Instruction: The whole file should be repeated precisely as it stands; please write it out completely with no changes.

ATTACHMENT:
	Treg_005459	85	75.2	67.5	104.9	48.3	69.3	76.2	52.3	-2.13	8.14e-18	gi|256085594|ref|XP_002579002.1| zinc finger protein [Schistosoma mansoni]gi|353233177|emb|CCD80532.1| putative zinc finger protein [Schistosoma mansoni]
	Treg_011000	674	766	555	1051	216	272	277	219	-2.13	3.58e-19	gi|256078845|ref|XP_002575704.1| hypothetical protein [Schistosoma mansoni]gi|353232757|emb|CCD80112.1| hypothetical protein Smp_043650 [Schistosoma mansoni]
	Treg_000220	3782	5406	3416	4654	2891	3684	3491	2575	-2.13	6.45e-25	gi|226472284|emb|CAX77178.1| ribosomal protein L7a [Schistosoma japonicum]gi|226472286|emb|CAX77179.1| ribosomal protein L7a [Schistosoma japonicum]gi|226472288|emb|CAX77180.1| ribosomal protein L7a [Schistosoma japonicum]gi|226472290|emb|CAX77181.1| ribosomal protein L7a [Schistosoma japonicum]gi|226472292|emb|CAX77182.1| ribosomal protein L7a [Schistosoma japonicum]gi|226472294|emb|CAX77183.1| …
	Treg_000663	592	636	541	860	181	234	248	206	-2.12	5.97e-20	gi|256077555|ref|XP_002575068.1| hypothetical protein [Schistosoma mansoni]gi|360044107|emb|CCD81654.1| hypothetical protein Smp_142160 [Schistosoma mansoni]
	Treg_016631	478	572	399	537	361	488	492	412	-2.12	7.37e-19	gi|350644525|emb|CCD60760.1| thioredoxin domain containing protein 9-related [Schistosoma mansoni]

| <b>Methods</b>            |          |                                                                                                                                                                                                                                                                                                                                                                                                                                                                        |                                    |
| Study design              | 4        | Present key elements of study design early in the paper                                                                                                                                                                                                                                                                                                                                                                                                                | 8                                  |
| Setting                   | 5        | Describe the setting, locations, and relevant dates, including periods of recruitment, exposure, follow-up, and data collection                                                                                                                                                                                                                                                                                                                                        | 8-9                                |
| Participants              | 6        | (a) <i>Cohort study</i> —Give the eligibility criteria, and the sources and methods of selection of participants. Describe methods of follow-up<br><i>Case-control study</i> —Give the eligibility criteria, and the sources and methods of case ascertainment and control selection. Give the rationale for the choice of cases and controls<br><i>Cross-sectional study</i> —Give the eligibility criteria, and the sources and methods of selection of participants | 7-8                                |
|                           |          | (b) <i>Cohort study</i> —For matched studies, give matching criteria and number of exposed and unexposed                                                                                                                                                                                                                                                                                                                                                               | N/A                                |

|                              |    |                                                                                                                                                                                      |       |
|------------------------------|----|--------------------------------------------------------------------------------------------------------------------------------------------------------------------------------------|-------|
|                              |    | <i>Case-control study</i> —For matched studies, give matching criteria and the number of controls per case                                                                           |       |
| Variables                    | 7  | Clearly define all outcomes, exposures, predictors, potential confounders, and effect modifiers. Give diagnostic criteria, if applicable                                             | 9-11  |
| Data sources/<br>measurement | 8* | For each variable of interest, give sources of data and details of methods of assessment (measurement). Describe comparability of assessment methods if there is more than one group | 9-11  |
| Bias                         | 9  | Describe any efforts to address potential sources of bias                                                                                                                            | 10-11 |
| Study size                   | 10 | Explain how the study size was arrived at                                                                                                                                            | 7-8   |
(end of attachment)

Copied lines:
	Treg_005459	85	75.2	67.5	104.9	48.3	69.3	76.2	52.3	-2.13	8.14e-18	gi|256085594|ref|XP_002579002.1| zinc finger protein [Schistosoma mansoni]gi|353233177|emb|CCD80532.1| putative zinc finger protein [Schistosoma mansoni]
	Treg_011000	674	766	555	1051	216	272	277	219	-2.13	3.58e-19	gi|256078845|ref|XP_002575704.1| hypothetical protein [Schistosoma mansoni]gi|353232757|emb|CCD80112.1| hypothetical protein Smp_043650 [Schistosoma mansoni]
	Treg_000220	3782	5406	3416	4654	2891	3684	3491	2575	-2.13	6.45e-25	gi|226472284|emb|CAX77178.1| ribosomal protein L7a [Schistosoma japonicum]gi|226472286|emb|CAX77179.1| ribosomal protein L7a [Schistosoma japonicum]gi|226472288|emb|CAX77180.1| ribosomal protein L7a [Schistosoma japonicum]gi|226472290|emb|CAX77181.1| ribosomal protein L7a [Schistosoma japonicum]gi|226472292|emb|CAX77182.1| ribosomal protein L7a [Schistosoma japonicum]gi|226472294|emb|CAX77183.1| …
	Treg_000663	592	636	541	860	181	234	248	206	-2.12	5.97e-20	gi|256077555|ref|XP_002575068.1| hypothetical protein [Schistosoma mansoni]gi|360044107|emb|CCD81654.1| hypothetical protein Smp_142160 [Schistosoma mansoni]
	Treg_016631	478	572	399	537	361	488	492	412	-2.12	7.37e-19	gi|350644525|emb|CCD60760.1| thioredoxin domain containing protein 9-related [Schistosoma mansoni]

| <b>Methods</b>            |          |                                                                                                                                                                                                                                                                                                                                                                                                                                                                        |                                    |
| Study design              | 4        | Present key elements of study design early in the paper                                                                                                                                                                                                                                                                                                                                                                                                                | 8                                  |
| Setting                   | 5        | Describe the setting, locations, and relevant dates, including periods of recruitment, exposure, follow-up, and data collection                                                                                                                                                                                                                                                                                                                                        | 8-9                                |
| Participants              | 6        | (a) <i>Cohort study</i> —Give the eligibility criteria, and the sources and methods of selection of participants. Describe methods of follow-up<br><i>Case-control study</i> —Give the eligibility criteria, and the sources and methods of case ascertainment and control selection. Give the rationale for the choice of cases and controls<br><i>Cross-sectional study</i> —Give the eligibility criteria, and the sources and methods of selection of participants | 7-8                                |
|                           |          | (b) <i>Cohort study</i> —For matched studies, give matching criteria and number of exposed and unexposed                                                                                                                                                                                                                                                                                                                                                               | N/A                                |

|                              |    |                                                                                                                                                                                      |       |
|------------------------------|----|--------------------------------------------------------------------------------------------------------------------------------------------------------------------------------------|-------|
|                              |    | <i>Case-control study</i> —For matched studies, give matching criteria and the number of controls per case                                                                           |       |
| Variables                    | 7  | Clearly define all outcomes, exposures, predictors, potential confounders, and effect modifiers. Give diagnostic criteria, if applicable                                             | 9-11  |
| Data sources/<br>measurement | 8* | For each variable of interest, give sources of data and details of methods of assessment (measurement). Describe comparability of assessment methods if there is more than one group | 9-11  |
| Bias                         | 9  | Describe any efforts to address potential sources of bias                                                                                                                            | 10-11 |
| Study size                   | 10 | Explain how the study size was arrived at                                                                                                                                            | 7-8   |